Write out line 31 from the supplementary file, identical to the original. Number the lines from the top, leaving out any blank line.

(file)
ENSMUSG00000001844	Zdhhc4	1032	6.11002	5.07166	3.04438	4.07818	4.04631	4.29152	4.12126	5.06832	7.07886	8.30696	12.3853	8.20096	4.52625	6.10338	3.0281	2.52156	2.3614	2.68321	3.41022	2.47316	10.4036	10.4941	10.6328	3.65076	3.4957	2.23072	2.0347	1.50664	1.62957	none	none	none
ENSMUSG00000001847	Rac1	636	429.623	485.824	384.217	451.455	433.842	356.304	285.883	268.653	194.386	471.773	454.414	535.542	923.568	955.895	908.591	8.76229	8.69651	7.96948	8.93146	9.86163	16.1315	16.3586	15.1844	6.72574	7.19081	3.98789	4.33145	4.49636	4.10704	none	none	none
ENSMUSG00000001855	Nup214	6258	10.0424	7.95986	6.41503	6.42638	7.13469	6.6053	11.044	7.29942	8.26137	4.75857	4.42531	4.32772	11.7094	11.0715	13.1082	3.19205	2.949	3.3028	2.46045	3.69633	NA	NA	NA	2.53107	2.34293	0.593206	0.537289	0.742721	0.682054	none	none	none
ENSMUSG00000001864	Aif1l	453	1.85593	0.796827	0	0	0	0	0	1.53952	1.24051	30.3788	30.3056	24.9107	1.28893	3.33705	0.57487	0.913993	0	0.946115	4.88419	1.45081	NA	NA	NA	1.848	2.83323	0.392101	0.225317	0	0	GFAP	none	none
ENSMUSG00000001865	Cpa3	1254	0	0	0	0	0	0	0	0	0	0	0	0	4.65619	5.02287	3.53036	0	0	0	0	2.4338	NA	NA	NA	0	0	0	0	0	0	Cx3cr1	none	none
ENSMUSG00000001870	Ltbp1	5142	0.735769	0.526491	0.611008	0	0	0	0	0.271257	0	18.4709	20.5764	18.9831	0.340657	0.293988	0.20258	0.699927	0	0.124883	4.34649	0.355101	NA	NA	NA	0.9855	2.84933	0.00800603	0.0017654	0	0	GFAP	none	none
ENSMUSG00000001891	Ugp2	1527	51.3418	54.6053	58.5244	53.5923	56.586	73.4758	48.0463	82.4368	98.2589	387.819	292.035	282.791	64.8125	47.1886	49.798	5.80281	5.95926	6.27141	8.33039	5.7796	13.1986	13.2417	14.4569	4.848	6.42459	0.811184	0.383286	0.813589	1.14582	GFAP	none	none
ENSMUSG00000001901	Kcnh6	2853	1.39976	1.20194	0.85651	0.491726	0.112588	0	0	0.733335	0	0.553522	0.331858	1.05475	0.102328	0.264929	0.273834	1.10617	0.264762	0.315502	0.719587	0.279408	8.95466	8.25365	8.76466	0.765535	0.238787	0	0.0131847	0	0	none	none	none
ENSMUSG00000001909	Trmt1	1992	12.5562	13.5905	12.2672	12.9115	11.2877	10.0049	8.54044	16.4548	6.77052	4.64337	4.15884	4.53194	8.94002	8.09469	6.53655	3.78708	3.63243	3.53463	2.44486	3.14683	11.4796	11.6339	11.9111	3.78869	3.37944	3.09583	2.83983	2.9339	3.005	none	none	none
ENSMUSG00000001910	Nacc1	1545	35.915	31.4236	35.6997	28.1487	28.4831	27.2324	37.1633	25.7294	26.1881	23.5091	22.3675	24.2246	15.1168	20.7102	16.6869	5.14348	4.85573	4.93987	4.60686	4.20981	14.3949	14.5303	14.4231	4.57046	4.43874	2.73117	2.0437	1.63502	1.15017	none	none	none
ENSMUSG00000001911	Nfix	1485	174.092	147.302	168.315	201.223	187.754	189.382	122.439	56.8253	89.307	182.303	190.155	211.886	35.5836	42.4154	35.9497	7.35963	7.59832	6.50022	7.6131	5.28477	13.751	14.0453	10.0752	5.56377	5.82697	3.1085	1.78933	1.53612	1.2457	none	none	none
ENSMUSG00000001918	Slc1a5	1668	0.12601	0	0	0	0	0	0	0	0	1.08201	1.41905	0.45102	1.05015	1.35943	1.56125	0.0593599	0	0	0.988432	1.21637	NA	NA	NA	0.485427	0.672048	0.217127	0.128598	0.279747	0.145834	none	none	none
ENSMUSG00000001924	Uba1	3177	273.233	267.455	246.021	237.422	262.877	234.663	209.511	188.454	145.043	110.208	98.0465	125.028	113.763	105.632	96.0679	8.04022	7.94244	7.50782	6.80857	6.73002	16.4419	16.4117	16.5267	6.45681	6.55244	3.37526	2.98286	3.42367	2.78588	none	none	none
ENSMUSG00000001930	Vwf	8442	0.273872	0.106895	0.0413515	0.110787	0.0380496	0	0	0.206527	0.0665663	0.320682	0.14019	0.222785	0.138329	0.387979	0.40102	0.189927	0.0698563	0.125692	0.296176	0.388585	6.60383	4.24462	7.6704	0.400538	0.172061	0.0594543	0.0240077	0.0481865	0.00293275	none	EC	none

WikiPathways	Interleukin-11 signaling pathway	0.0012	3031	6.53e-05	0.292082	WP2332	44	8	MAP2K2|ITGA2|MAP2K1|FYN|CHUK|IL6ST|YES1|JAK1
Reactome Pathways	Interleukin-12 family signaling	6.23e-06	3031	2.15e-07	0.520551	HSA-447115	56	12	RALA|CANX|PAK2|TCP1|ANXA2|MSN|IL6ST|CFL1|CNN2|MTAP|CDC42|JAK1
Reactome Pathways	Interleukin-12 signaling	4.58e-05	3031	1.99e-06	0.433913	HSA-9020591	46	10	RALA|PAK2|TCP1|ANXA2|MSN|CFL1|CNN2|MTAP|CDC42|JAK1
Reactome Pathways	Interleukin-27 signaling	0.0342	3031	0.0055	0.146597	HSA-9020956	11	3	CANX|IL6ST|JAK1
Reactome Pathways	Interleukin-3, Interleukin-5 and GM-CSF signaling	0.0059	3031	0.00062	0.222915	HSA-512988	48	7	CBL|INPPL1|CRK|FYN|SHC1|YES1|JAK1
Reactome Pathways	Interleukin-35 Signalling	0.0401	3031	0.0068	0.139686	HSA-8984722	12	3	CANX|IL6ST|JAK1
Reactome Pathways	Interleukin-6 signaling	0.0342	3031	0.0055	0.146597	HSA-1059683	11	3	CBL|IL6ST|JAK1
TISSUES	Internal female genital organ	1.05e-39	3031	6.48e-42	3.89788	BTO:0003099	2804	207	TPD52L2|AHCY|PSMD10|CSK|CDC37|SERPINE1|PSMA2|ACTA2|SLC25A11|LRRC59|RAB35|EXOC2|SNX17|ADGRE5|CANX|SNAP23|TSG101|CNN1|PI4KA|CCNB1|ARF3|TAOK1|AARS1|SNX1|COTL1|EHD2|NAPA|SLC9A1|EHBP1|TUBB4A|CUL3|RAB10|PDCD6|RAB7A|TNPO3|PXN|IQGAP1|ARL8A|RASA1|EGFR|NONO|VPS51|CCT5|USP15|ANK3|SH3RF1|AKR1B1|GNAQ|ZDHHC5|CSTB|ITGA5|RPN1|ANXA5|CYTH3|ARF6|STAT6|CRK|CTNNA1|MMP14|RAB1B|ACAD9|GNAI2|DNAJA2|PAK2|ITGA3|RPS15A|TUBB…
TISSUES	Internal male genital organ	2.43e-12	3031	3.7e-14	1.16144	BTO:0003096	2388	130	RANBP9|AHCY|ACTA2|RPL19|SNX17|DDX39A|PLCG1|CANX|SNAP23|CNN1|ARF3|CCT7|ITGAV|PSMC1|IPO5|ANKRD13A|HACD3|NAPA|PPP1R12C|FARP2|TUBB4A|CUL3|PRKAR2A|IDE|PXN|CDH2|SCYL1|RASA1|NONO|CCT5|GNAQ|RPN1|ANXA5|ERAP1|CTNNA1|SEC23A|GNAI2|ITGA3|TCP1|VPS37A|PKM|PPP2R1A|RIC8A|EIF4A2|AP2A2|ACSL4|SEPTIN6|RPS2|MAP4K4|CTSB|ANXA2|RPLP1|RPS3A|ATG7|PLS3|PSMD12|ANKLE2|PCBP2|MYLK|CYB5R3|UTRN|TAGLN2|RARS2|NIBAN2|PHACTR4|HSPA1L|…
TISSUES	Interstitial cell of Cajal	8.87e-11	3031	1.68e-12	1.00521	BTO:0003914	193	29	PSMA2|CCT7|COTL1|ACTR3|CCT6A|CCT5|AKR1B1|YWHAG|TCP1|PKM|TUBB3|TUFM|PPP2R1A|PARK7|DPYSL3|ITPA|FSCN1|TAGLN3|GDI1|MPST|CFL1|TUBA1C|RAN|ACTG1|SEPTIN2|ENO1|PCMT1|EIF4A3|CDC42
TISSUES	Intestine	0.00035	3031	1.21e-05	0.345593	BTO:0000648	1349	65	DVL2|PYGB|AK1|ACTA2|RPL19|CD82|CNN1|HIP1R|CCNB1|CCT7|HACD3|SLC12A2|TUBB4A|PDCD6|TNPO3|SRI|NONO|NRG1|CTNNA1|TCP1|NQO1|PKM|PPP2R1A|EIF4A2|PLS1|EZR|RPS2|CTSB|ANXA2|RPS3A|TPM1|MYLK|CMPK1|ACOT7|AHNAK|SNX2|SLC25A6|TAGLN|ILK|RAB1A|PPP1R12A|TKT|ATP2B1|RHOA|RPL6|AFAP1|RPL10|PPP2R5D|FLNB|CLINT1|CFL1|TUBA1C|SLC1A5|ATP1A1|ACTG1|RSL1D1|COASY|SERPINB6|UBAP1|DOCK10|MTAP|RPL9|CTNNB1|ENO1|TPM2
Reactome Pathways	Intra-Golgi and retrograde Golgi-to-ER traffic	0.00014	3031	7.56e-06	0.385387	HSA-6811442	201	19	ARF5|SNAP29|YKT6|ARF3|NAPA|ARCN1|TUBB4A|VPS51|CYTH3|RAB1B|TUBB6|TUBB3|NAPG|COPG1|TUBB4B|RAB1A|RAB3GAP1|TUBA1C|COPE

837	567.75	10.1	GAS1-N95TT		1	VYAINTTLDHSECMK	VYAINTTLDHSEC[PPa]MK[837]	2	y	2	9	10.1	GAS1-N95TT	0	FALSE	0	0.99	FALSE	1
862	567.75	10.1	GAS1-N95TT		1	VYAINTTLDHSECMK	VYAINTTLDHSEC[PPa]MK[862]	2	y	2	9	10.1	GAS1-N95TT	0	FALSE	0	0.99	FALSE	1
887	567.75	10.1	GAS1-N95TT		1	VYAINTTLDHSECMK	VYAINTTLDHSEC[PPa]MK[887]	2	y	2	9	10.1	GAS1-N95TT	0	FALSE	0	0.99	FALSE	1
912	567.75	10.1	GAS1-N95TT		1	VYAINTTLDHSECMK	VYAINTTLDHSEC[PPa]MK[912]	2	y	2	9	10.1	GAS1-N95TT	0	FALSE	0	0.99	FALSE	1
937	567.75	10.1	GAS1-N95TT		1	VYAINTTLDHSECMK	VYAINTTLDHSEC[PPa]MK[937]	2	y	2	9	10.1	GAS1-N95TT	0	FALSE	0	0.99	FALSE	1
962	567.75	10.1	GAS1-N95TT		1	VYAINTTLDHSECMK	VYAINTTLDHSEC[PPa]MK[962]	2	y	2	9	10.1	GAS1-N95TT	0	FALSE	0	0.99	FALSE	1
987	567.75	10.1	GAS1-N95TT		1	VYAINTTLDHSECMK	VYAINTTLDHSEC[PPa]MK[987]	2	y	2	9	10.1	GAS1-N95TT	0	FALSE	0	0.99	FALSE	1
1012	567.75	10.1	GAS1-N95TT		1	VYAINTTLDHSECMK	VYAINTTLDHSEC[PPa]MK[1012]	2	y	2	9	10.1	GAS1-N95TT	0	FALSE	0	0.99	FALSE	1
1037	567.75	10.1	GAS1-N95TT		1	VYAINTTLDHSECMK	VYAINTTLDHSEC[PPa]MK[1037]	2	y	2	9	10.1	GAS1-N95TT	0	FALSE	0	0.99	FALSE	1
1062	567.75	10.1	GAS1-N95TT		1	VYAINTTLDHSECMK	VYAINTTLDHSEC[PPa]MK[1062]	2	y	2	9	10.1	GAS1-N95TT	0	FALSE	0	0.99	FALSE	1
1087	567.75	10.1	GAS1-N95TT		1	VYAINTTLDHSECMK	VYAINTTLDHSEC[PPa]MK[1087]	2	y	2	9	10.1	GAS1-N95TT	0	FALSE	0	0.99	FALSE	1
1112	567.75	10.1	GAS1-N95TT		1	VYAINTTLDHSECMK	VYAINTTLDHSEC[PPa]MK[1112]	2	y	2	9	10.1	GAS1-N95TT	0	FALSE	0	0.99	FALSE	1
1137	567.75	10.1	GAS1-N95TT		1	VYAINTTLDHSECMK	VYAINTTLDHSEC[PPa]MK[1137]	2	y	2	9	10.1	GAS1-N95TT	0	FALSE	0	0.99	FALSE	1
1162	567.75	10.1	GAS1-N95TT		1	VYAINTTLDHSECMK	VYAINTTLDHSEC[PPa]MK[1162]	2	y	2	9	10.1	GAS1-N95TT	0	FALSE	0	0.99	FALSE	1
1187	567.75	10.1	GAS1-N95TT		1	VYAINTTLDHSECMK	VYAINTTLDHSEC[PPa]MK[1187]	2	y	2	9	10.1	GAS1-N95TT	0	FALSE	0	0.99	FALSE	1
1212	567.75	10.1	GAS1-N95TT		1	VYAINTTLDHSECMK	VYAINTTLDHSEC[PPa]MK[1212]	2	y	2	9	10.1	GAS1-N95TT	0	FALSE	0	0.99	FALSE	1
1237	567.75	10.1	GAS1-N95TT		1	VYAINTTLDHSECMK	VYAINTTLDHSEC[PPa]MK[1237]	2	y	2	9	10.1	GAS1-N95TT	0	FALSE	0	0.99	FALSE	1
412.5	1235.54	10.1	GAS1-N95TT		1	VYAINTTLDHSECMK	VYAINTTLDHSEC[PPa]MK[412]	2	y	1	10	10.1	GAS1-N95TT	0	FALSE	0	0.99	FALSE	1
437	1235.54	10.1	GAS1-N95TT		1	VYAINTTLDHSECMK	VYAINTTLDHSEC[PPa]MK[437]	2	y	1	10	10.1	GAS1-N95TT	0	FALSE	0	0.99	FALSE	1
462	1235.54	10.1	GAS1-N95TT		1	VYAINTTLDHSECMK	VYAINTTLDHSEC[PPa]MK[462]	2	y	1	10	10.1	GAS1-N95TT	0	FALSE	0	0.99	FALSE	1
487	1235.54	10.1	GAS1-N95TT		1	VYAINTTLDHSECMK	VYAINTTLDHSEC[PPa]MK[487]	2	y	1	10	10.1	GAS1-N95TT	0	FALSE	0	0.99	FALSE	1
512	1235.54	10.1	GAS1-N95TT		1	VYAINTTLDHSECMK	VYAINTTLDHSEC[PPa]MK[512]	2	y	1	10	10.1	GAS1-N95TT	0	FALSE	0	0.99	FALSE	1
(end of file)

937	567.75	10.1	GAS1-N95TT		1	VYAINTTLDHSECMK	VYAINTTLDHSEC[PPa]MK[937]	2	y	2	9	10.1	GAS1-N95TT	0	FALSE	0	0.99	FALSE	1